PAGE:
By Linda Johnson
TRENTON, N.J. — They were the drugs that were supposed to save the U.S. tens of billions of dollars.
Called “biosimilars,” they are near-copies of complex and expensive biologic drugs to treat cancer, rare diseases and autoimmune disorders like rheumatoid arthritis and colitis.
But U.S. sales have been so limited that their future is in doubt. Already, one company has scrapped nearly all its biosimilar development projects.
Worst-case scenario? Drugmakers could abandon biosimilar development, and makers of original biologic drugs could keep raising their six-figure-a-year prices indefinitely.
Two years ago, the independent policy research group RAND Health predicted biosimilars would save the U.S. roughly $54 billion from 2017 through 2026. That’s looking optimistic.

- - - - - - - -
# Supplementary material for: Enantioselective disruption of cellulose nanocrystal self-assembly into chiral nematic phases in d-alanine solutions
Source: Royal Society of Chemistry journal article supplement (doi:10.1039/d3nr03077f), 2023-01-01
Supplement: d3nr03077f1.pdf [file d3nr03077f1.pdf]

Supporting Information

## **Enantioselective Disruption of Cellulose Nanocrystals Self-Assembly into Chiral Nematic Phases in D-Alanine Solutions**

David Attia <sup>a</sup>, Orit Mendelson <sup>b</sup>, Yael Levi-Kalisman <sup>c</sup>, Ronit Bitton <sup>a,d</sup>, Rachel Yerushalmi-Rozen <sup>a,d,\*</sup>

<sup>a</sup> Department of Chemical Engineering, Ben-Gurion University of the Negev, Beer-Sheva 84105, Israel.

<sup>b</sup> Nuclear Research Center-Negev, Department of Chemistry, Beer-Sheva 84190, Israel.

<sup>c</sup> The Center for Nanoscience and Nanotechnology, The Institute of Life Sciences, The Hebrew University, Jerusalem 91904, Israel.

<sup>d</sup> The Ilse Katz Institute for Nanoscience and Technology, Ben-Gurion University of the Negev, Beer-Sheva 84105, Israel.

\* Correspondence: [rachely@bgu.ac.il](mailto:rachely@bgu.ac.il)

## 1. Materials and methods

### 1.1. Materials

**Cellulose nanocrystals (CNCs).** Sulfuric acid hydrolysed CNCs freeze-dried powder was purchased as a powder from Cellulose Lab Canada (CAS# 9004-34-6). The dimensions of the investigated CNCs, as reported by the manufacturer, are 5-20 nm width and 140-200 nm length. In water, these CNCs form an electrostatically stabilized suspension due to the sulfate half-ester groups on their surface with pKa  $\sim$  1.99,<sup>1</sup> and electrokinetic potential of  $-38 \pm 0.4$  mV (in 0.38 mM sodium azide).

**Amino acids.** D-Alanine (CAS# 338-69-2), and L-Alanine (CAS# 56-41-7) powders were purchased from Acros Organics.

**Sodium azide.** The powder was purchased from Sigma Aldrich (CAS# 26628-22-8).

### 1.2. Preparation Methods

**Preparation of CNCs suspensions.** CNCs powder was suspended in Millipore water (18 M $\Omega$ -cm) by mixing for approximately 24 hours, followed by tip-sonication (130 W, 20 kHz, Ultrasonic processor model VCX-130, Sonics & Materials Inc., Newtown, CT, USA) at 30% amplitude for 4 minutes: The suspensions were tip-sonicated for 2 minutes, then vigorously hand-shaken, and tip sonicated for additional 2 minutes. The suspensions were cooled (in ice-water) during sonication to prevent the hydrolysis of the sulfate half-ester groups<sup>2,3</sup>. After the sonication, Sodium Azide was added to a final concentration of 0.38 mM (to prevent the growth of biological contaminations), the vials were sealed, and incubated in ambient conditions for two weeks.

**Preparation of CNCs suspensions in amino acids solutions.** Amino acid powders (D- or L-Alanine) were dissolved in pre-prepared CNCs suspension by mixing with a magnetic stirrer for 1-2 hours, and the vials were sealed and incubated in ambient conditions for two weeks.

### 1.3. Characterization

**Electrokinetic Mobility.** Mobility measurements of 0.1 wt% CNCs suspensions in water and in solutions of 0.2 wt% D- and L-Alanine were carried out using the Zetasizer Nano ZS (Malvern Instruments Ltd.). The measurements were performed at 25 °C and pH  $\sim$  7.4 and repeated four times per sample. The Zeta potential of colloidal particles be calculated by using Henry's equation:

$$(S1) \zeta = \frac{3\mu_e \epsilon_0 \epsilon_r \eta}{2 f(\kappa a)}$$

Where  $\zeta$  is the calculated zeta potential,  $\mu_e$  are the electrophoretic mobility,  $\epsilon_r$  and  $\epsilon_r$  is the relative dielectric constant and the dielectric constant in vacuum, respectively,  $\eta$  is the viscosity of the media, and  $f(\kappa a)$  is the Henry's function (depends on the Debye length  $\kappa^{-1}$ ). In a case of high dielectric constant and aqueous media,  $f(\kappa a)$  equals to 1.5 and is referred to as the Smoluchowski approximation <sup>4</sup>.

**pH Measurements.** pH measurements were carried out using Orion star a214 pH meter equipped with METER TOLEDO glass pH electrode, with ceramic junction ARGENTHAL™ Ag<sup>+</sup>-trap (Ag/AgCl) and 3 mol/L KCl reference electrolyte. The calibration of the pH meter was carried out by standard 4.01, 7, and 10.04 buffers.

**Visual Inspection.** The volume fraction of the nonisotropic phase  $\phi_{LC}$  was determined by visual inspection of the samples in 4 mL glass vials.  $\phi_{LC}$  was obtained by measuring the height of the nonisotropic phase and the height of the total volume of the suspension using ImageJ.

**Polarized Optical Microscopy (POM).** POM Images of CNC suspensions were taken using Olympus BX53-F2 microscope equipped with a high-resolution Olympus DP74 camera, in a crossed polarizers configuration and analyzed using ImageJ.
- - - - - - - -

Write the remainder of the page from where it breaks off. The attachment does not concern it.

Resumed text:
“This is a make-or-break period,” said Dr. Scott Gottlieb, who led the Food and Drug Administration until April. “My fear is that some of the biosimilar-makers … will say, ‘We’ll just go back to doing other things,’” and other drugmakers won’t enter the niche.
Leigh Purvis, AARP’s director of health services research, says the original biologic drugmakers “could kill this market before it ever takes off, and we desperately need it.”
Biosimilars are akin to generic drugs, but true generics aren’t possible with biologic drugs.
Pills are easily duplicated by mixing chemicals. Getting a generic version of a brand-name pill approved requires spending about $2 million and two years to conduct lab tests and show it’s chemically equivalent to the original medication. Manufacturing costs just pennies a pill.
Biologic drugs, on the other hand, are made by manipulating living cells to produce a specific protein. They treat disorders often caused by faulty genes or immune systems, and they must be injected or delivered by infusion.